ATI Contributor: Allison Rizer
Expanding access to telehealth is a top strategy to prevent avoidable hospitalizations and increase the capacity of our health system during the current crisis we are experiencing. This is particularly important for the frail elderly population, which is experiencing the highest rate of adverse outcomes and death during the COVID-19 outbreak. States, providers, and health plans can each help expand reliance on telehealth to enable real-time, remote diagnosis, triage, and treatment of this population.
COVID-19 is showing us a lot about the readiness and capacity of our broader healthcare ecosystem—a system that experiences misalignment in supply and demand even in the best of times. As the population demographics in this nation become increasingly older, care delivery models have attempted to keep up by expanding home-based care, caregiver supports, and innovative senior housing models. But in a crisis like we are experiencing now, these models are taxed in ways no one could have anticipated and something is becoming increasingly clear: Telehealth is getting its moment in the spotlight, and for good reason.
Beyond the obvious advantage of not bringing COVID-19 into a brick-and-mortar healthcare space when individuals are asymptomatic or have a mild case of the virus, telehealth allows a provider to treat a patient virtually, avoiding the need for a mask or gloves – supplies that are becoming increasingly sparse. Telehealth accelerates diagnosis, triage, and treatment, freeing up critical beds and rooms for the patients who really need them. Furthermore, telehealth allows providers who themselves might be quarantined to continue seeing patients.
The Centers for Medicare & Medicaid Services (CMS) has expanded telehealth benefits in the Medicare fee-for-service (FFS) and Medicare Advantage (MA) programs over the past few years, albeit with considerable guardrails on: eligible services and geographies; which provider types can render these services; where an individual must be to receive telehealth services (the “originating site”); and where the provider must be located (the “distant site”). Now, in the midst of the COVID-19 outbreak, CMS is temporarily shifting those guardrails in a way that may provide telehealth access to significantly more individuals. Two of the more consequential Medicare changes include:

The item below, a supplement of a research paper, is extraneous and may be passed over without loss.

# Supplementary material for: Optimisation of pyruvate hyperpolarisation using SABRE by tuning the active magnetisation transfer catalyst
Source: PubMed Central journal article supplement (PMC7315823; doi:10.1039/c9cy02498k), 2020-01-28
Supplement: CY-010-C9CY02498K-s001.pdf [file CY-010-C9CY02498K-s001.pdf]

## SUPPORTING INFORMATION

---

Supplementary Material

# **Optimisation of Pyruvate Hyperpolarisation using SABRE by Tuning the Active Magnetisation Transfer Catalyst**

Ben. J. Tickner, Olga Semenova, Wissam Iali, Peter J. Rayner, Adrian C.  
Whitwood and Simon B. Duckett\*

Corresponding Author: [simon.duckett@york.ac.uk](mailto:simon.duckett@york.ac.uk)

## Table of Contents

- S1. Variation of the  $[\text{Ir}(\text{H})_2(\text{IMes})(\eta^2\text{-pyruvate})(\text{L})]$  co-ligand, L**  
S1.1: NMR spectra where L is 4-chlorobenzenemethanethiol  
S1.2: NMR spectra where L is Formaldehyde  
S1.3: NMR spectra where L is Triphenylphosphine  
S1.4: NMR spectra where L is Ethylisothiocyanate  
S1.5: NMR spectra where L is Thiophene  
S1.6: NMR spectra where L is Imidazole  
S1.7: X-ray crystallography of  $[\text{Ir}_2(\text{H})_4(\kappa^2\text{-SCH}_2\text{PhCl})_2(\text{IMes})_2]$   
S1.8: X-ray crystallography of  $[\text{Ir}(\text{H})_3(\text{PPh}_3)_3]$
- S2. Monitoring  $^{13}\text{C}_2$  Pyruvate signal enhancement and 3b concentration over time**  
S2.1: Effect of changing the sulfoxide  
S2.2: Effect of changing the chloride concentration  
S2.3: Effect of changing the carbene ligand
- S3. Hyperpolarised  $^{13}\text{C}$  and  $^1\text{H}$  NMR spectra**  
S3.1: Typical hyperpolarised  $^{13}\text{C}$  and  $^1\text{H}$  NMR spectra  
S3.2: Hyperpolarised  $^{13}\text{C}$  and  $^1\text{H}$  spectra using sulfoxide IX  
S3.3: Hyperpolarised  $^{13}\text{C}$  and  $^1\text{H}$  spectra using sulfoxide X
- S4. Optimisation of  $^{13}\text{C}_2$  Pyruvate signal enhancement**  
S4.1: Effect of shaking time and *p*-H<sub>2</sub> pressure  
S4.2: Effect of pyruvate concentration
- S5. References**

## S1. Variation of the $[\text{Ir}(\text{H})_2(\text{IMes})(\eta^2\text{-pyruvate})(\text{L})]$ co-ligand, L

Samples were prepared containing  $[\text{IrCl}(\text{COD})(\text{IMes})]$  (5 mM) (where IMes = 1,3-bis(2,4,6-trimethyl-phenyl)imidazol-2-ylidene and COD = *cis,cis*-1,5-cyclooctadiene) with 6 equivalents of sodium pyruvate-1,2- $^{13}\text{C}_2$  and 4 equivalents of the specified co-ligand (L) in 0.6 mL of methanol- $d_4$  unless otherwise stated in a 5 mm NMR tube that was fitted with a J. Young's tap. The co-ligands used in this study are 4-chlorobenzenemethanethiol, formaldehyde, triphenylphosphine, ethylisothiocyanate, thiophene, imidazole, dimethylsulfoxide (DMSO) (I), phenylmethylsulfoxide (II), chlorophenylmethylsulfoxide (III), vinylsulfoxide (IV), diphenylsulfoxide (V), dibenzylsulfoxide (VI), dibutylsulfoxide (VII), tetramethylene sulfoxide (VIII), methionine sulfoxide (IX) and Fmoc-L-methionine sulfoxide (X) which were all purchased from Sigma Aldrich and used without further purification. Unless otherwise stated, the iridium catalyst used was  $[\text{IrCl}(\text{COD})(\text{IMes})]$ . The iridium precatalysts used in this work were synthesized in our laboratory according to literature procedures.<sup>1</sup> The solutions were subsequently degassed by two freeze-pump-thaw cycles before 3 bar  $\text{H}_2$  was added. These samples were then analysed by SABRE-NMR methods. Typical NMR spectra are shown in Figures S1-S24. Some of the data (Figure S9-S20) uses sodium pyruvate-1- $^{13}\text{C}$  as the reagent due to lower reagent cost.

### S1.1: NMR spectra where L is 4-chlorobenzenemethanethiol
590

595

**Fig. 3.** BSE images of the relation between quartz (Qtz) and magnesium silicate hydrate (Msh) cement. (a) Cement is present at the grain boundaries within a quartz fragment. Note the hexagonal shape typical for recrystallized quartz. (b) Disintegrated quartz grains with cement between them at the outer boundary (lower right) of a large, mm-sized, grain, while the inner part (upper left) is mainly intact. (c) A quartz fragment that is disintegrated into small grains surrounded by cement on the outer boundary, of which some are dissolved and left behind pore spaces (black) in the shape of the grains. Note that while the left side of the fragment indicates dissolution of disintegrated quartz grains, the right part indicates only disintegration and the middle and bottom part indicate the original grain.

- Expanding eligibility to FFS individuals outside rural areas; and,
- Allowing the originating site to include an individual’s home.
CMS also issued clarifying guidance to State Medicaid programs on how to reimburse for telehealth services.
The Growing Trend
Telehealth utilization had been growing even before the COVID-19 outbreak, with an increase in the Medicare program of 500% between 2008 and 2014, and the highest growth in utilization among those aged 85 and older. COVID-19 is fueling this growth even more; some providers have noted increases of 50-300% in their telehealth utilization over the past few weeks, and the telemedicine company Amwell pointed to an 11% increase in urgent care telehealth visits in early March.
In addition to hospitals, this growing trend could be particularly important among facility types and individual providers who typically serve high-risk individuals (those with underlying conditions and/or advanced age). Expanded use of telehealth by these providers could protect their high-risk patients from COVID-19-infected persons coming into a facility or office unnecessarily, as well as to offer safer access to care for individuals who are able or required to remain in place. For example, telehealth could prevent SNF residents from a trip to the hospital when they have an acute episode unrelated to COVID-19.
The AMA has released a “Quick Guide” to help healthcare providers expedite their implementation of telehealth that provides information on policy updates, licensure, CPT codes, workflow, and other considerations. Amwell similarly has an “eBook” to help providers roll out telehealth. Providers choosing to forego implementing or expanding telehealth now, while they triage the myriad other issues they are currently experiencing due to COVID-19, could result in significant difficulty addressing health system challenges later.
Some shorter-term considerations to improve telehealth access during this outbreak and to help decrease the spread of COVID-19 include the following approaches, by stakeholder group:
What comes next?
COVID-19 will have a lasting impact on care delivery in our country with how we contemplate and address capacity and how we care for our most vulnerable. In so many ways, COVID-19 is showing us our system gaps, but it’s also demonstrating the agility of our system to respond with alternative and innovative approaches (necessity is the mother of invention). Telehealth is one of those approaches. Regardless of this crisis, telehealth holds promise in the aging and long-term care space, but now more than ever, states, providers, and plans should look for ways to expand access to this benefit.